But I’ve always been sort of fascinated with doppelgängers. He was not a double for Sean Connery, but I was amazed how, in certain lighting, they kind of made him look like him. Some of that was just the way George Lazenby is, but it did sort of seem to me that he was working a little to make people comfortable with this new James Bond, that he was still in Sean Connery mode. But I remember that first fight sequence, and even as a kid, I hated that one line. You know, where he says in the cold opening, “This didn’t happen to the other guy.” That was a corny line. But I also remember they kind of shot him in shadows in the beginning, and the fight sequence even looked like it could’ve been Sean Connery fighting, but then when he has his first close-up, you just realize, “Oooh, yeah, there’s a different look there.” [Laughs.] And I remember as a kid, being a little shocked by that. But it was, like, the first James Bond that had some emotion in it for me as a kid. So that is the one I remember the most. I remember I saw it at this birthday party with some friends of mine, and then they took us to a Chinese restaurant in New York City. So it’s just a really nice memory all around.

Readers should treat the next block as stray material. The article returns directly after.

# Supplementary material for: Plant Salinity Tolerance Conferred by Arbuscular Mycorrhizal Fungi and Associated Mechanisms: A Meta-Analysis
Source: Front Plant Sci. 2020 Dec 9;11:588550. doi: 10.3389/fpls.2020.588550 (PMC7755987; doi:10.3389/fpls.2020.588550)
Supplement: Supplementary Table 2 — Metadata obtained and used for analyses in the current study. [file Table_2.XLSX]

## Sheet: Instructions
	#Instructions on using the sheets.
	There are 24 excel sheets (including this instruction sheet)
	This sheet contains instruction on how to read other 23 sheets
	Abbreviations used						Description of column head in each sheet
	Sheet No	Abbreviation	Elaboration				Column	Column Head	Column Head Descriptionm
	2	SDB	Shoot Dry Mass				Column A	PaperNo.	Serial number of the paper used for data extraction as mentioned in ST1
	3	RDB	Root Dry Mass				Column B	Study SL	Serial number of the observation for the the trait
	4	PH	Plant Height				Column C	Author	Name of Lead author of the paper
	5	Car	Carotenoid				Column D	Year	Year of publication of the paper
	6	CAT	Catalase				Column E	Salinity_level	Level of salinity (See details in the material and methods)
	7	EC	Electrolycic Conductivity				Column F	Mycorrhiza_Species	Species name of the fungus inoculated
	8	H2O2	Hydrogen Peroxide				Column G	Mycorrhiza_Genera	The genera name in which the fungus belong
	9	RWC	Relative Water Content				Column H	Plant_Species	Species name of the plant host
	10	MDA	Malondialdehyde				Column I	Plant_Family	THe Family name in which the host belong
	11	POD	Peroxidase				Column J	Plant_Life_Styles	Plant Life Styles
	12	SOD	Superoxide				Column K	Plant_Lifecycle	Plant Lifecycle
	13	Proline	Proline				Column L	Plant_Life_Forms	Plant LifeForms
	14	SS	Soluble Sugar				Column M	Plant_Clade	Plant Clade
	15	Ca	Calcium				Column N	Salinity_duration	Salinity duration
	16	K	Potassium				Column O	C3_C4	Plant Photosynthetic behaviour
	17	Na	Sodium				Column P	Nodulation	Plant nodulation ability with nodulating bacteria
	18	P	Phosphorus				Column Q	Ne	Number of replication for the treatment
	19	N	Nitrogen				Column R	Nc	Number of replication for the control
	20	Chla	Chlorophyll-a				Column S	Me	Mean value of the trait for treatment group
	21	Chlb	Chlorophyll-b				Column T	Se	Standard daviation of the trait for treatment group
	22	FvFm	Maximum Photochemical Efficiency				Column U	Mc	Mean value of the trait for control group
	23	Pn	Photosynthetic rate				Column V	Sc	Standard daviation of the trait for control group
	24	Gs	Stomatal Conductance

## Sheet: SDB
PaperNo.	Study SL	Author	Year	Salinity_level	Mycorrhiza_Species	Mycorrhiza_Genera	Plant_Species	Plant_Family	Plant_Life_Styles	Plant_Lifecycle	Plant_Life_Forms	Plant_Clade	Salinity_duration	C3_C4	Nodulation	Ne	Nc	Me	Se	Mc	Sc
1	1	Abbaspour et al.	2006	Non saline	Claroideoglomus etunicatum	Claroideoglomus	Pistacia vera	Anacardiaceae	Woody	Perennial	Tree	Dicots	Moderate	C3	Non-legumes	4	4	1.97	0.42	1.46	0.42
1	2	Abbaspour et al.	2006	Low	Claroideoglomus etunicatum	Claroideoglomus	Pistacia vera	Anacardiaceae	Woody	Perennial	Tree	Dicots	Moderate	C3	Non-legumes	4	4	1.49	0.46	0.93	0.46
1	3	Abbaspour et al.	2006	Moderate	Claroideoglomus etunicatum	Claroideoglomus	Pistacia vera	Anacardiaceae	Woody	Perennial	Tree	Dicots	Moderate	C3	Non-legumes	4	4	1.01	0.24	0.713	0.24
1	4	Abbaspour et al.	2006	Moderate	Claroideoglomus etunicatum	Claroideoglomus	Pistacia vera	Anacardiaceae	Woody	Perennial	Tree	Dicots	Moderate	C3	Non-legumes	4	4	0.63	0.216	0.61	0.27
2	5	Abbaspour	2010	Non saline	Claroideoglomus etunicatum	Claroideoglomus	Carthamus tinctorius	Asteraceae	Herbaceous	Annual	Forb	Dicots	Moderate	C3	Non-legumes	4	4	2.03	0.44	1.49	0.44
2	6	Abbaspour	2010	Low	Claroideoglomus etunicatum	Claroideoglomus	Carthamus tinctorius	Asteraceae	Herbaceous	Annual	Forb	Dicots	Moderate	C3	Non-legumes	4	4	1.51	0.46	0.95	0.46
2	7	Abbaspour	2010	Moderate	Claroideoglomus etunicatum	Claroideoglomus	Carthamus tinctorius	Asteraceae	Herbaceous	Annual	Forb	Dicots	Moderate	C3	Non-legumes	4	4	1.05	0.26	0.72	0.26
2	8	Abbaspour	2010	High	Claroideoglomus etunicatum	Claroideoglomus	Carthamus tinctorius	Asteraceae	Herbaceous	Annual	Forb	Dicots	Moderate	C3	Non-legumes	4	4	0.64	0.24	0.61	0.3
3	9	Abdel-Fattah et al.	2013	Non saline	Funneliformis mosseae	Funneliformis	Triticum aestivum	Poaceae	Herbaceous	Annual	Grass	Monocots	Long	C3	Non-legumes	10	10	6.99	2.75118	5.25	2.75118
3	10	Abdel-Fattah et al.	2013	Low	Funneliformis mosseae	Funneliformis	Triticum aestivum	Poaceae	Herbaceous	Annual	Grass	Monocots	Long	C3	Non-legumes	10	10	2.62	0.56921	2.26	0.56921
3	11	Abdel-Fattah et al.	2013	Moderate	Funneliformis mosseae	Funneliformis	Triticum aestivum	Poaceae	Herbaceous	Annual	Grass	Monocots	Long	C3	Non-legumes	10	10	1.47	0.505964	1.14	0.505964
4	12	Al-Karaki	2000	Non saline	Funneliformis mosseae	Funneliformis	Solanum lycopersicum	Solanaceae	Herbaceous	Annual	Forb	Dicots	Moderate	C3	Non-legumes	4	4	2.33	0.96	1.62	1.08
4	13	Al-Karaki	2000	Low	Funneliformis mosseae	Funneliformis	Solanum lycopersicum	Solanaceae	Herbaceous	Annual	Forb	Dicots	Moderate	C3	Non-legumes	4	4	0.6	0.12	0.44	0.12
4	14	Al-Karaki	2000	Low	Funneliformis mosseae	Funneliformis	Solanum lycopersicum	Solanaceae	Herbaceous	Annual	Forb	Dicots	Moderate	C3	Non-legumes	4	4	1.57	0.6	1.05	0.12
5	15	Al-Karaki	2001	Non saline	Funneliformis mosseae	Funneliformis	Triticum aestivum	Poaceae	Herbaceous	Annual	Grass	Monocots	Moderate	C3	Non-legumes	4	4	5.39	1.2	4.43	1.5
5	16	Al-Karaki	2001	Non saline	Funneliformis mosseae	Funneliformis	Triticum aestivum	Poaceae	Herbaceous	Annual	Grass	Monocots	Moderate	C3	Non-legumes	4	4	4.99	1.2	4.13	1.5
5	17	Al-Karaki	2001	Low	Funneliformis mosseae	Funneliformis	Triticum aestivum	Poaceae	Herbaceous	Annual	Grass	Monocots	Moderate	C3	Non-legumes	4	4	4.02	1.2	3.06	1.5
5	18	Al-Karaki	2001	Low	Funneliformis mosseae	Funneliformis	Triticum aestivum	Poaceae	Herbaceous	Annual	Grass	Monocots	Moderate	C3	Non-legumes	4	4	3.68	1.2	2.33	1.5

Elliott: Without a doubt, it’s Jaws, which changed my whole perception of movies. And also swimming. [Laughs.] And our summers up in Maine on the water, where my folks had a house. I was totally consumed by Jaws that summer. You know, spending summers up in Maine, on the coast, I had never really seen that part of the country portrayed accurately in movies or television. It always seemed a little like Maine—or the East Coast from Massachusetts on up—was always sort of the Pepperidge Farms kind of approach. You never really saw the way a dock really looked. It was always Hollywood’s version of it, and you could always tell, if you really knew what the real thing was. And Jaws was the first time the water looked like the water I swam in. The docks, the boats… It all looked like what I knew to be the real thing, so the movie really kind of… It felt like, “Oh, okay, yeah, Spielberg has caught it. That’s what the East Coast sea coast is exactly like.” And like so many other people that summer, I had a really hard time swimming again.
But even at 15 or 16, I also remember being impressed by the acting in the movie, which I’m still impressed by. I could watch Robert Shaw do that monologue anytime. There were so many great actors doing great things back in the ’70s that I think he was overlooked. If somebody did something like that today, if somebody pulled that off, that’d be an Oscar. For sure. Nowadays, it’s hard for anybody to stay onscreen for that length of time for a monologue. But I remember even at 15, being not just impressed with the look and feel of the movie, which just felt so real to me, but the acting as well. But I also remember all these articles about how the shark kind of looked fake in the final scene and all that, and, yeah, I guess maybe when it jumped on the boat, a little bit. But I totally bought into the whole thing.
Return Of The Secaucus Seven (1979)